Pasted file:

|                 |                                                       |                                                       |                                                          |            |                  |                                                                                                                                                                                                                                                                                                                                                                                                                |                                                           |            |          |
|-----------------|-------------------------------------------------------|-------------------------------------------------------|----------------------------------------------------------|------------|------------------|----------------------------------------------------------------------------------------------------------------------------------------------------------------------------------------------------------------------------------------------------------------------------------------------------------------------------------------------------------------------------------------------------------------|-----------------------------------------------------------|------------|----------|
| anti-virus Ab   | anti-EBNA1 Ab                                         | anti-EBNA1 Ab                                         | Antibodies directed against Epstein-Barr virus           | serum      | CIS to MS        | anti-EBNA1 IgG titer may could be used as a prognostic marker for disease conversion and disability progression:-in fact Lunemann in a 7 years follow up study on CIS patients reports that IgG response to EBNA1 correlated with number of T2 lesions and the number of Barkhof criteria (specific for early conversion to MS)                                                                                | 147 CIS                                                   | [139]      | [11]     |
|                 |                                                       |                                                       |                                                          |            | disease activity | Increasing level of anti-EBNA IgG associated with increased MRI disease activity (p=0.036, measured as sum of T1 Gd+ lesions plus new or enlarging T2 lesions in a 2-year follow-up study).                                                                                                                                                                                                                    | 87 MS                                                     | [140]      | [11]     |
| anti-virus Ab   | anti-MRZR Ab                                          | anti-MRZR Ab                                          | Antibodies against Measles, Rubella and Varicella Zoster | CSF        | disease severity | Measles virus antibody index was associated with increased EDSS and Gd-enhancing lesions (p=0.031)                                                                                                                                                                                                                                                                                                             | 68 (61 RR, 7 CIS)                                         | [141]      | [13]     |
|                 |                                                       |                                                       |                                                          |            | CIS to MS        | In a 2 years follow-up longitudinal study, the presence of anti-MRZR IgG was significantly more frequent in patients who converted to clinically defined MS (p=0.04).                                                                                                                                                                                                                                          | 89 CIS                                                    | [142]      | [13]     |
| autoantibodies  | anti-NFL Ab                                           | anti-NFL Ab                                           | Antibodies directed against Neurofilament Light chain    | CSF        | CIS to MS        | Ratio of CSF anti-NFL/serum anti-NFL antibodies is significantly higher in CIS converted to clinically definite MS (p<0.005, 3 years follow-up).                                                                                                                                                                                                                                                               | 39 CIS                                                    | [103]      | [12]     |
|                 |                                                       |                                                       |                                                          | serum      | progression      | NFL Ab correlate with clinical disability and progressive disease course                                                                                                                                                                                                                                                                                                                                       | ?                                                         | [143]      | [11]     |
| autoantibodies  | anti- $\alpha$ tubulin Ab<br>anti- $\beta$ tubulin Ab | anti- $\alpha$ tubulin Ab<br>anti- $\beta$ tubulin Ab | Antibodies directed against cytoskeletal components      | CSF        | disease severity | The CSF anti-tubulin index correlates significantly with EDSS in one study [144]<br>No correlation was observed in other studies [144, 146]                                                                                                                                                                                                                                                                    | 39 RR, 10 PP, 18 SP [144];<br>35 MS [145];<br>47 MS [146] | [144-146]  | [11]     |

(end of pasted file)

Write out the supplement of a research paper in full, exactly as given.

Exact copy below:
|                 |                                                       |                                                       |                                                          |            |                  |                                                                                                                                                                                                                                                                                                                                                                                                                |                                                           |            |          |
|-----------------|-------------------------------------------------------|-------------------------------------------------------|----------------------------------------------------------|------------|------------------|----------------------------------------------------------------------------------------------------------------------------------------------------------------------------------------------------------------------------------------------------------------------------------------------------------------------------------------------------------------------------------------------------------------|-----------------------------------------------------------|------------|----------|
| anti-virus Ab   | anti-EBNA1 Ab                                         | anti-EBNA1 Ab                                         | Antibodies directed against Epstein-Barr virus           | serum      | CIS to MS        | anti-EBNA1 IgG titer may could be used as a prognostic marker for disease conversion and disability progression:-in fact Lunemann in a 7 years follow up study on CIS patients reports that IgG response to EBNA1 correlated with number of T2 lesions and the number of Barkhof criteria (specific for early conversion to MS)                                                                                | 147 CIS                                                   | [139]      | [11]     |
|                 |                                                       |                                                       |                                                          |            | disease activity | Increasing level of anti-EBNA IgG associated with increased MRI disease activity (p=0.036, measured as sum of T1 Gd+ lesions plus new or enlarging T2 lesions in a 2-year follow-up study).                                                                                                                                                                                                                    | 87 MS                                                     | [140]      | [11]     |
| anti-virus Ab   | anti-MRZR Ab                                          | anti-MRZR Ab                                          | Antibodies against Measles, Rubella and Varicella Zoster | CSF        | disease severity | Measles virus antibody index was associated with increased EDSS and Gd-enhancing lesions (p=0.031)                                                                                                                                                                                                                                                                                                             | 68 (61 RR, 7 CIS)                                         | [141]      | [13]     |
|                 |                                                       |                                                       |                                                          |            | CIS to MS        | In a 2 years follow-up longitudinal study, the presence of anti-MRZR IgG was significantly more frequent in patients who converted to clinically defined MS (p=0.04).                                                                                                                                                                                                                                          | 89 CIS                                                    | [142]      | [13]     |
| autoantibodies  | anti-NFL Ab                                           | anti-NFL Ab                                           | Antibodies directed against Neurofilament Light chain    | CSF        | CIS to MS        | Ratio of CSF anti-NFL/serum anti-NFL antibodies is significantly higher in CIS converted to clinically definite MS (p<0.005, 3 years follow-up).                                                                                                                                                                                                                                                               | 39 CIS                                                    | [103]      | [12]     |
|                 |                                                       |                                                       |                                                          | serum      | progression      | NFL Ab correlate with clinical disability and progressive disease course                                                                                                                                                                                                                                                                                                                                       | ?                                                         | [143]      | [11]     |
| autoantibodies  | anti- $\alpha$ tubulin Ab<br>anti- $\beta$ tubulin Ab | anti- $\alpha$ tubulin Ab<br>anti- $\beta$ tubulin Ab | Antibodies directed against cytoskeletal components      | CSF        | disease severity | The CSF anti-tubulin index correlates significantly with EDSS in one study [144]<br>No correlation was observed in other studies [144, 146]                                                                                                                                                                                                                                                                    | 39 RR, 10 PP, 18 SP [144];<br>35 MS [145];<br>47 MS [146] | [144-146]  | [11]     |